It’s a mouthful but it needn’t be stressful: How to juggle software-defined networks and industrial IoT needs

Sponsored Software-defined networking (SDN) has shaken up networks, making infrastructure easier to configure and manage. But as the network’s composition changes, so you must change your network management practices – you can’t simply port over existing tools and techniques.

Add to the network an Industrial Internet of Things (IIoT) deployment, and you’ve got an even bigger challenge to meet: management of a new generation of devices.

But these aren’t devices in the traditional sense. These gadgets have fluctuating bandwidth demands, employ different protocols, and come with a lifecycle that’s yours to manage. Fortunately, to an extent, there’s SDN.

SDN is becoming a growing part of the IT sector, expected to grow in value from $4.4bn in 2017 to a market worth $15.8bn by 2022, according to research firm IHS Markit.

SDN is based on virtualising the way the network operates and making it programmable. It’s a shift away from the use of dedicated hardware with proprietary software to an environment where network connections, bandwidth, and new features can be added via the software.

That’s important when it comes to IIoT because you’re probably going to add a large number of extra devices to your network, making management and control a much more complex task than before. Adopting an SDN should offer the kind of flexibility and programmability that means your network can adapt to these new requirements relatively easily and without disruption.

Just don’t expect you can manage this IIoT using the same tools and practices of the pre-SDN world.

Meet the new management

The basic concept behind SDN is to decouple the control plane from the data plane of the network, where the data plane is responsible for routing traffic around the network while the control plane manages the data plane and the rules it applies for routing that traffic.

This architecture led to the development of protocols such as OpenFlow that specify a standard for how the control plane communicates with the data plane.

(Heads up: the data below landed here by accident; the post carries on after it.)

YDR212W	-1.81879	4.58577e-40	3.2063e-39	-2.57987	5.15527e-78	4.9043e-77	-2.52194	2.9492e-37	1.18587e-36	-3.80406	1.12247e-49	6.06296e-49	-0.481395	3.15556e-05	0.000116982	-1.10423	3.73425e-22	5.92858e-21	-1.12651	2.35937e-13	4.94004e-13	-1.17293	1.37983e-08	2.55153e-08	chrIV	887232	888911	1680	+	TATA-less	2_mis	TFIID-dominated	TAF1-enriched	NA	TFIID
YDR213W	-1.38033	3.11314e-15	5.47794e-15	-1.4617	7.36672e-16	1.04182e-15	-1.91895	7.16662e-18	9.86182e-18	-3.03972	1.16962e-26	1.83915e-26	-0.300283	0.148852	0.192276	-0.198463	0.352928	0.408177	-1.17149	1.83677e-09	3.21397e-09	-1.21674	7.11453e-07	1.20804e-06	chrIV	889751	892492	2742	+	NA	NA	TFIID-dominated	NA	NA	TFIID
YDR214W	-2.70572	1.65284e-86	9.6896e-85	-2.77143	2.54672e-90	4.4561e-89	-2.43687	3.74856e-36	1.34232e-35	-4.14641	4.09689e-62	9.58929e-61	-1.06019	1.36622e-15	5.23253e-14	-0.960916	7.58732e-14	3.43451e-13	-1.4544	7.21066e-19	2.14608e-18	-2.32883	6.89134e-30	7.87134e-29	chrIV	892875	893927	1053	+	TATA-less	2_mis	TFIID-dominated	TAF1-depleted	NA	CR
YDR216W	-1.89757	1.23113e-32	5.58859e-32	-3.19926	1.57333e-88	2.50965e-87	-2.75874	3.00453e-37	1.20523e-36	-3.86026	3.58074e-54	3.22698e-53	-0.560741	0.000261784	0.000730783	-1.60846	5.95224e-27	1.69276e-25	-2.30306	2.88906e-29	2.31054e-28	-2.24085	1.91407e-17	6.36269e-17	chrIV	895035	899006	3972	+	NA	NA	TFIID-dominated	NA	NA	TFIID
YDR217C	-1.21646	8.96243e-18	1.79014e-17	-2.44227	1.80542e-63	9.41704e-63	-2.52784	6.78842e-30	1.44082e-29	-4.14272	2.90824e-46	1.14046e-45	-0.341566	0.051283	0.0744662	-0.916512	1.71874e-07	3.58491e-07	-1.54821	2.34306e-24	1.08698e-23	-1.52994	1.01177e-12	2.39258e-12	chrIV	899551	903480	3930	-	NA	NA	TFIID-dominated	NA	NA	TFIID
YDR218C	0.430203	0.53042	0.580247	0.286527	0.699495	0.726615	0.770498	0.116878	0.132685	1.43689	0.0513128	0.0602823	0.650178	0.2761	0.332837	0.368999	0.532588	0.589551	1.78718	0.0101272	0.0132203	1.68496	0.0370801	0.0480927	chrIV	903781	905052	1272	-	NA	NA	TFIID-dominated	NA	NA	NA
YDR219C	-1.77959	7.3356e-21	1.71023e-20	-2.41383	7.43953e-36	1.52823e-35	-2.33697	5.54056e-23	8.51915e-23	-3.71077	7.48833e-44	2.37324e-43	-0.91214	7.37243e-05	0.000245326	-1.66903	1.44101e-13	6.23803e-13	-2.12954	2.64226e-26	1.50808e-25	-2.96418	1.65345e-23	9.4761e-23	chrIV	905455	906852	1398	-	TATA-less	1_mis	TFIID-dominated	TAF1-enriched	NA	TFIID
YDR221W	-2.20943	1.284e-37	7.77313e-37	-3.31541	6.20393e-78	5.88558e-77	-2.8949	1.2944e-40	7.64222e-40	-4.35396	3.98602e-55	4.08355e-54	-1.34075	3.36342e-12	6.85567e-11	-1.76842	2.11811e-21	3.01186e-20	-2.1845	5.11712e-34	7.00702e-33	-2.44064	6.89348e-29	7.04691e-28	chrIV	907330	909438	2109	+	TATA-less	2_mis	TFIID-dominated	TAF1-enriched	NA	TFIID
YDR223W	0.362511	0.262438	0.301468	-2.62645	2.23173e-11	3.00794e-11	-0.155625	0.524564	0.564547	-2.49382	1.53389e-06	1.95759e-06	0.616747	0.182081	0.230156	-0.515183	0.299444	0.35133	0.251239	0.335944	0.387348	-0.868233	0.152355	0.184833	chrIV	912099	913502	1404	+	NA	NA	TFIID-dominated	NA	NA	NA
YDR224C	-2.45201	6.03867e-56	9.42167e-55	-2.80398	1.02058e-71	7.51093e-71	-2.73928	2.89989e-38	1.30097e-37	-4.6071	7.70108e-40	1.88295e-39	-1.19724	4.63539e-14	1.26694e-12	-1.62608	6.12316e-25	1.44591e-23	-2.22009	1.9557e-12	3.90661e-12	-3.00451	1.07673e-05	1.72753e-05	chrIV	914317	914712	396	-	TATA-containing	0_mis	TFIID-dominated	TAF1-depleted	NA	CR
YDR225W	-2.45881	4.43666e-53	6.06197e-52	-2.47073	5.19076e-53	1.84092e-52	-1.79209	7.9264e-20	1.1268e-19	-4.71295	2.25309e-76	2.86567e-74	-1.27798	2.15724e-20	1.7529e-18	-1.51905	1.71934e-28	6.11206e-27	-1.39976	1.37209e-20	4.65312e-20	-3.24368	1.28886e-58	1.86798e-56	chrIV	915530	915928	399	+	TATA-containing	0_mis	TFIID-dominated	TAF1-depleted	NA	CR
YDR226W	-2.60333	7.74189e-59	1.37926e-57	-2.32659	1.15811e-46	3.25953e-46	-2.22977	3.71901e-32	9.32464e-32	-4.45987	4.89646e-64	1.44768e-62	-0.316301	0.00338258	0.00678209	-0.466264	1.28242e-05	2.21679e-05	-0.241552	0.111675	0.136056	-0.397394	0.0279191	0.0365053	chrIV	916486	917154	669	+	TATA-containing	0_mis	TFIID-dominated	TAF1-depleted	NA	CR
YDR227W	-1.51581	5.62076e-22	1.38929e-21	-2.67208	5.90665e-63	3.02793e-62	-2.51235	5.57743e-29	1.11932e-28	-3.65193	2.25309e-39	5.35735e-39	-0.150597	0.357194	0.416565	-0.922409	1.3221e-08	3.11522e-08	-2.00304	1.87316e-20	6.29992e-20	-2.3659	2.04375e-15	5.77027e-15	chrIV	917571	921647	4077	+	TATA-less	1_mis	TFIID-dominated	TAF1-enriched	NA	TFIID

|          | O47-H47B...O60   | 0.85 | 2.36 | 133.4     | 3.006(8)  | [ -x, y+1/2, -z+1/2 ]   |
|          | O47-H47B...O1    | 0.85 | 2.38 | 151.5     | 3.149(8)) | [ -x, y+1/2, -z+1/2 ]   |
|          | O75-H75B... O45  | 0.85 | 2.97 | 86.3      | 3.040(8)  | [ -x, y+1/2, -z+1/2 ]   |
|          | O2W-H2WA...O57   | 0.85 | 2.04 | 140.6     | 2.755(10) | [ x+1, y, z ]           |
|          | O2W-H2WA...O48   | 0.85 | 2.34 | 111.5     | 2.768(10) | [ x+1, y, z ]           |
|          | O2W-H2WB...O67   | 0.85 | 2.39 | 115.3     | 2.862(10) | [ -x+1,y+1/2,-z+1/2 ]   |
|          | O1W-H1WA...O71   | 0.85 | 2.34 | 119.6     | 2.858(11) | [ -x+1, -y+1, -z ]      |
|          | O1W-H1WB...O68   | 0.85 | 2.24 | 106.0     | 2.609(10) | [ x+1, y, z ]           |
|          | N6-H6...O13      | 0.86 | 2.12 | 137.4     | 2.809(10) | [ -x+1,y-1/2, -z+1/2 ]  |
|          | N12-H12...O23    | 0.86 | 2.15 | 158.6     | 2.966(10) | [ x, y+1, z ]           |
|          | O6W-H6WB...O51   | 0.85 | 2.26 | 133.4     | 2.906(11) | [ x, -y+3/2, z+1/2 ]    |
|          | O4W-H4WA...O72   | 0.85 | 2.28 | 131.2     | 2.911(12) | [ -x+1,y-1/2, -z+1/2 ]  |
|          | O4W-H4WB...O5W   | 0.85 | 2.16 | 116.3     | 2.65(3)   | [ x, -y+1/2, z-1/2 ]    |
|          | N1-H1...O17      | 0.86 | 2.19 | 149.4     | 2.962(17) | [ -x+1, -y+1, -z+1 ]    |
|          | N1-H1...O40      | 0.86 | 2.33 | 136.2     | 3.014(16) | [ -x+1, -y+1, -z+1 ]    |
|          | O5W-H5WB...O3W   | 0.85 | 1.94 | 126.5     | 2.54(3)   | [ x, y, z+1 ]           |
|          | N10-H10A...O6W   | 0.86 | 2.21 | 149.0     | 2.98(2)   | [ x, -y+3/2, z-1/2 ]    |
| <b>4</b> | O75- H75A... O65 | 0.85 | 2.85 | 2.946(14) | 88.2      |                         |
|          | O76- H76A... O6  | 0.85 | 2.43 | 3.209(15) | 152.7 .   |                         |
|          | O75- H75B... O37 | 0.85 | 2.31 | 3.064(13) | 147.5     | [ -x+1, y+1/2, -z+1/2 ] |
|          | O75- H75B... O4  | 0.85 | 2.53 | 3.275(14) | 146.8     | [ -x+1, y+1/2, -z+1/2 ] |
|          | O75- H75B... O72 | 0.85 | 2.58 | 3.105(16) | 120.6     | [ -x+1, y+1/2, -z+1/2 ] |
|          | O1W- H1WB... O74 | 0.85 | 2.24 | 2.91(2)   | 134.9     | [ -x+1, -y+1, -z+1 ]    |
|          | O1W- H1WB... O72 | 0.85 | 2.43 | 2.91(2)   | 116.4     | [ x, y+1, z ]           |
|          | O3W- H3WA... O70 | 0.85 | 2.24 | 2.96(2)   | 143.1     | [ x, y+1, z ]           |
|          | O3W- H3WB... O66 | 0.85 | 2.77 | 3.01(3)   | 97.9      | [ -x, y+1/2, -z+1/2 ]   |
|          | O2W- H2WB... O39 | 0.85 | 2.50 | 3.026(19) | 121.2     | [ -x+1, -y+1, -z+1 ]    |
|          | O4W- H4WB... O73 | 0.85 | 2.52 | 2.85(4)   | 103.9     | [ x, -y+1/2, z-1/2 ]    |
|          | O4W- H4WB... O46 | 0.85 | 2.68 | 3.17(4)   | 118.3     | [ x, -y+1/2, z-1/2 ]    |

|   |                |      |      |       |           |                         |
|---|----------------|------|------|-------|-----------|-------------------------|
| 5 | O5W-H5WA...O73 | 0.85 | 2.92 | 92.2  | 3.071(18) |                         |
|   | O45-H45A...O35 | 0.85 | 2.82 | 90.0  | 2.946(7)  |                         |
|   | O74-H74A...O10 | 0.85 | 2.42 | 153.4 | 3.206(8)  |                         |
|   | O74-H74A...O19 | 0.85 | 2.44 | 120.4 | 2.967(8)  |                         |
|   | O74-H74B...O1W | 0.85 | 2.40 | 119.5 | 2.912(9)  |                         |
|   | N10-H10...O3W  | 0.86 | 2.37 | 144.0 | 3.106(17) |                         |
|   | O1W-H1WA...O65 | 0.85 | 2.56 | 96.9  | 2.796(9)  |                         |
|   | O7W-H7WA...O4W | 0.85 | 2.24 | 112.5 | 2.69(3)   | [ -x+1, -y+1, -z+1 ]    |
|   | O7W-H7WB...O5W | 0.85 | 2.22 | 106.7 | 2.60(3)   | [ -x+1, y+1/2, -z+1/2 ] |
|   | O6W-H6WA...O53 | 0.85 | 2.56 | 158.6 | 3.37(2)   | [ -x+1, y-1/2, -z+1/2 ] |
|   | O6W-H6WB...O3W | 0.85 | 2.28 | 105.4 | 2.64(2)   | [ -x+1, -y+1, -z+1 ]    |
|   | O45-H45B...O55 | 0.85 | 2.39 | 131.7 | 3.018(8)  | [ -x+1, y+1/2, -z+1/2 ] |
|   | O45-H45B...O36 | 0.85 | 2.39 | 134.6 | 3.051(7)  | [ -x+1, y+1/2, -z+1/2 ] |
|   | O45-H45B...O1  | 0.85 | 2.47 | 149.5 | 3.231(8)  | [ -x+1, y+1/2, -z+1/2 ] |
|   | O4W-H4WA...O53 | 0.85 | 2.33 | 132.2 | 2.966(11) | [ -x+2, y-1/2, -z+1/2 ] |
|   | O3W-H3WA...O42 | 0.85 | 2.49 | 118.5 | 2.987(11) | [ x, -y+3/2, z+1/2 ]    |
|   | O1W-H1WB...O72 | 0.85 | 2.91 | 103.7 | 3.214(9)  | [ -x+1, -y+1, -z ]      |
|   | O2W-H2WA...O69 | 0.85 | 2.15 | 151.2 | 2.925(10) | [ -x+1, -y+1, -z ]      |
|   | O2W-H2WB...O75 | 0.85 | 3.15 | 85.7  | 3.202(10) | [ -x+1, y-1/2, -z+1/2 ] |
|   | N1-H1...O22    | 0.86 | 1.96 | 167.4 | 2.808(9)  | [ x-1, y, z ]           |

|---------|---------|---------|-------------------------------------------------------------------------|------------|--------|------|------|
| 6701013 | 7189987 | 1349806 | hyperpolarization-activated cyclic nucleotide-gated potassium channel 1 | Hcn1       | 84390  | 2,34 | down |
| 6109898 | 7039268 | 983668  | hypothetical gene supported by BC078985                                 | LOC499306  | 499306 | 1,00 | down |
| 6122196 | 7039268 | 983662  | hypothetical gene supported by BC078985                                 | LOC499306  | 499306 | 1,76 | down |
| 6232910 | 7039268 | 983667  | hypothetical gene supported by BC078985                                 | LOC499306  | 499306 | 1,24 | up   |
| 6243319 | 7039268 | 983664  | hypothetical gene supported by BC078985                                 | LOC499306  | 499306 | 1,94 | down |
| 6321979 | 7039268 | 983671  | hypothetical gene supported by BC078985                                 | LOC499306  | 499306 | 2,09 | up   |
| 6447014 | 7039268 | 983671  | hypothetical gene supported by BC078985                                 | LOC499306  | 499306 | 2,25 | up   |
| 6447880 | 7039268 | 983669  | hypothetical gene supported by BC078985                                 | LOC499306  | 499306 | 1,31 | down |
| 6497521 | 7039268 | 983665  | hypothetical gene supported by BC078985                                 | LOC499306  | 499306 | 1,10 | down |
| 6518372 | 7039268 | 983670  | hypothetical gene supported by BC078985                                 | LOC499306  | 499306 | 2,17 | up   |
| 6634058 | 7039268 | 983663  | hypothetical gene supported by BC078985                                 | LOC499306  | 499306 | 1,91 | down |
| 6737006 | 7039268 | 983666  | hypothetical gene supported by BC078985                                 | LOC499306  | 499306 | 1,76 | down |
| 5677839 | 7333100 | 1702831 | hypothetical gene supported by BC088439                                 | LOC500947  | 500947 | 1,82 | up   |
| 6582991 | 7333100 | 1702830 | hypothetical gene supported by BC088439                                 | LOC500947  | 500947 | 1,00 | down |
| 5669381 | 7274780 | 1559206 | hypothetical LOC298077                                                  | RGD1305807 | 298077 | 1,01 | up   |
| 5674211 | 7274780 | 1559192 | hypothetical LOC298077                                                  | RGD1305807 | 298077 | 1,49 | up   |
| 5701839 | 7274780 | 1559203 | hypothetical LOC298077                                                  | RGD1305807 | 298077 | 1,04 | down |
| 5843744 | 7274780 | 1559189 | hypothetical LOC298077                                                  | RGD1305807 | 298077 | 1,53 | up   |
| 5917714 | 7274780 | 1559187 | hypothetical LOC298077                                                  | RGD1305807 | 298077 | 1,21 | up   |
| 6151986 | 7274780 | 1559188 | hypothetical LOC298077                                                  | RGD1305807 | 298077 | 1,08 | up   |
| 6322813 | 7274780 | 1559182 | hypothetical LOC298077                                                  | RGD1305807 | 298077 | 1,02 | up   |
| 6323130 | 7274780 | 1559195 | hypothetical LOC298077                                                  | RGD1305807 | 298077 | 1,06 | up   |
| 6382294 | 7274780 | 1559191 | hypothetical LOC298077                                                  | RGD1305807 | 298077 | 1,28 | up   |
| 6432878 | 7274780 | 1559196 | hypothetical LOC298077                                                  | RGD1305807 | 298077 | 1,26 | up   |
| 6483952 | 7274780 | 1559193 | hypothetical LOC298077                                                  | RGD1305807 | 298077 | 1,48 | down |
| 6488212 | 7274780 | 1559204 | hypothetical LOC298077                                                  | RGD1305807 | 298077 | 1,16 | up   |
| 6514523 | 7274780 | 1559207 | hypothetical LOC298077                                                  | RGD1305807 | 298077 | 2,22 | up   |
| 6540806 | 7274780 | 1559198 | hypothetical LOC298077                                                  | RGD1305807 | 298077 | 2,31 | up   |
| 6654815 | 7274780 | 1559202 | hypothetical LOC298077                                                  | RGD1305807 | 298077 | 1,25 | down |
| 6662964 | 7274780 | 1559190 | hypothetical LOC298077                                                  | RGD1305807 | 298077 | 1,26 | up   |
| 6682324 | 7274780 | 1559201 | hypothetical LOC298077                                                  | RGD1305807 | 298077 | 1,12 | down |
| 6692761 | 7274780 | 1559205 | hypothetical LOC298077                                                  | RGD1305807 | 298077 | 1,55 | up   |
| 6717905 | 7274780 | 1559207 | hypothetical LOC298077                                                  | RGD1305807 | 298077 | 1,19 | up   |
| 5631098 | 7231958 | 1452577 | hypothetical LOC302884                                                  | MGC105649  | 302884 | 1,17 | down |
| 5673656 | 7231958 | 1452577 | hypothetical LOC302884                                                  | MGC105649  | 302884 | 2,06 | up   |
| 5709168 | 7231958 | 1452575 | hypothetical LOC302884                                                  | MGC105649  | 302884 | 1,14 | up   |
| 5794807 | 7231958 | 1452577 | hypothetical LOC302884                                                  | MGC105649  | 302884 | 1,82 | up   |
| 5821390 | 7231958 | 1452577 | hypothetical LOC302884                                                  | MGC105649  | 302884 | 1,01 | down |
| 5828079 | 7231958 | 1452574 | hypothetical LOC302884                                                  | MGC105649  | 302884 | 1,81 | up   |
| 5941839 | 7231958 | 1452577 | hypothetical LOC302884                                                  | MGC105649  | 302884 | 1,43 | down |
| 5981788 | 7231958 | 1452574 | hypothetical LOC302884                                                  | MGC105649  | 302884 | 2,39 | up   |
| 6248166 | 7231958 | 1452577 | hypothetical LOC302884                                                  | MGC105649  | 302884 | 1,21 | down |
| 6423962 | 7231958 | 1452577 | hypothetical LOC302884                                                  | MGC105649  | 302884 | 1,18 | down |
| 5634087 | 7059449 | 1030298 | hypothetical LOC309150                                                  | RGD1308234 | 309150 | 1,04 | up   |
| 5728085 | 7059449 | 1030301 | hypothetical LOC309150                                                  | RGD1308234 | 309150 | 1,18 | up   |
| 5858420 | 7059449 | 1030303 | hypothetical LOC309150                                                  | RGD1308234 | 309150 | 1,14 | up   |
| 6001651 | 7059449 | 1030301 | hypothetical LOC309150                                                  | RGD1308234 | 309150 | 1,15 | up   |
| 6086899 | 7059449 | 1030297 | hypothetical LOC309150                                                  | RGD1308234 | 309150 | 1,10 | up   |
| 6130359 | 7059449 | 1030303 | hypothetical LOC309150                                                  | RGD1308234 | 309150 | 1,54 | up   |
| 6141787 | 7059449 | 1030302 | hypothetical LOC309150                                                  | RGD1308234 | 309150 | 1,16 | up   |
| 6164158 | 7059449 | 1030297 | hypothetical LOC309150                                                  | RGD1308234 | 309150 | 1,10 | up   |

In practice, this may be implemented in the data centre with hardware switches operating as the data plane. It features a centralised SDN controller remotely managing each switch’s packet forwarding tables and forwarding rules, communicated to them using a protocol like OpenFlow, an open standard developed by the Open Networking Foundation.

The advantage of this approach is that it provides for control using a set of policies, with administrators creating the rules to govern their network’s behaviour. These are enacted by the SDN controller, which uses them to respond to changing conditions or requirements from the application layer in order to provision new resources or reconfigure the data plane, for example. In other words, automation is a key part of how SDN operates.

This contrasts with a traditional network setup where each switch is effectively its own control plane and – largely – has to be manually programmed or configured using a remote console or some proprietary software provided by the switch manufacturer.

But this is just one deployment model for SDN. Another is that of the overlay network, where virtual network tunnels are created that are overlaid onto an existing physical network. This model is most often associated with platforms that operate virtual machines, which for the most part communicate with other virtual machines serving as part of the same application stack. It therefore makes sense for them to use a virtual network to isolate their traffic from everything else.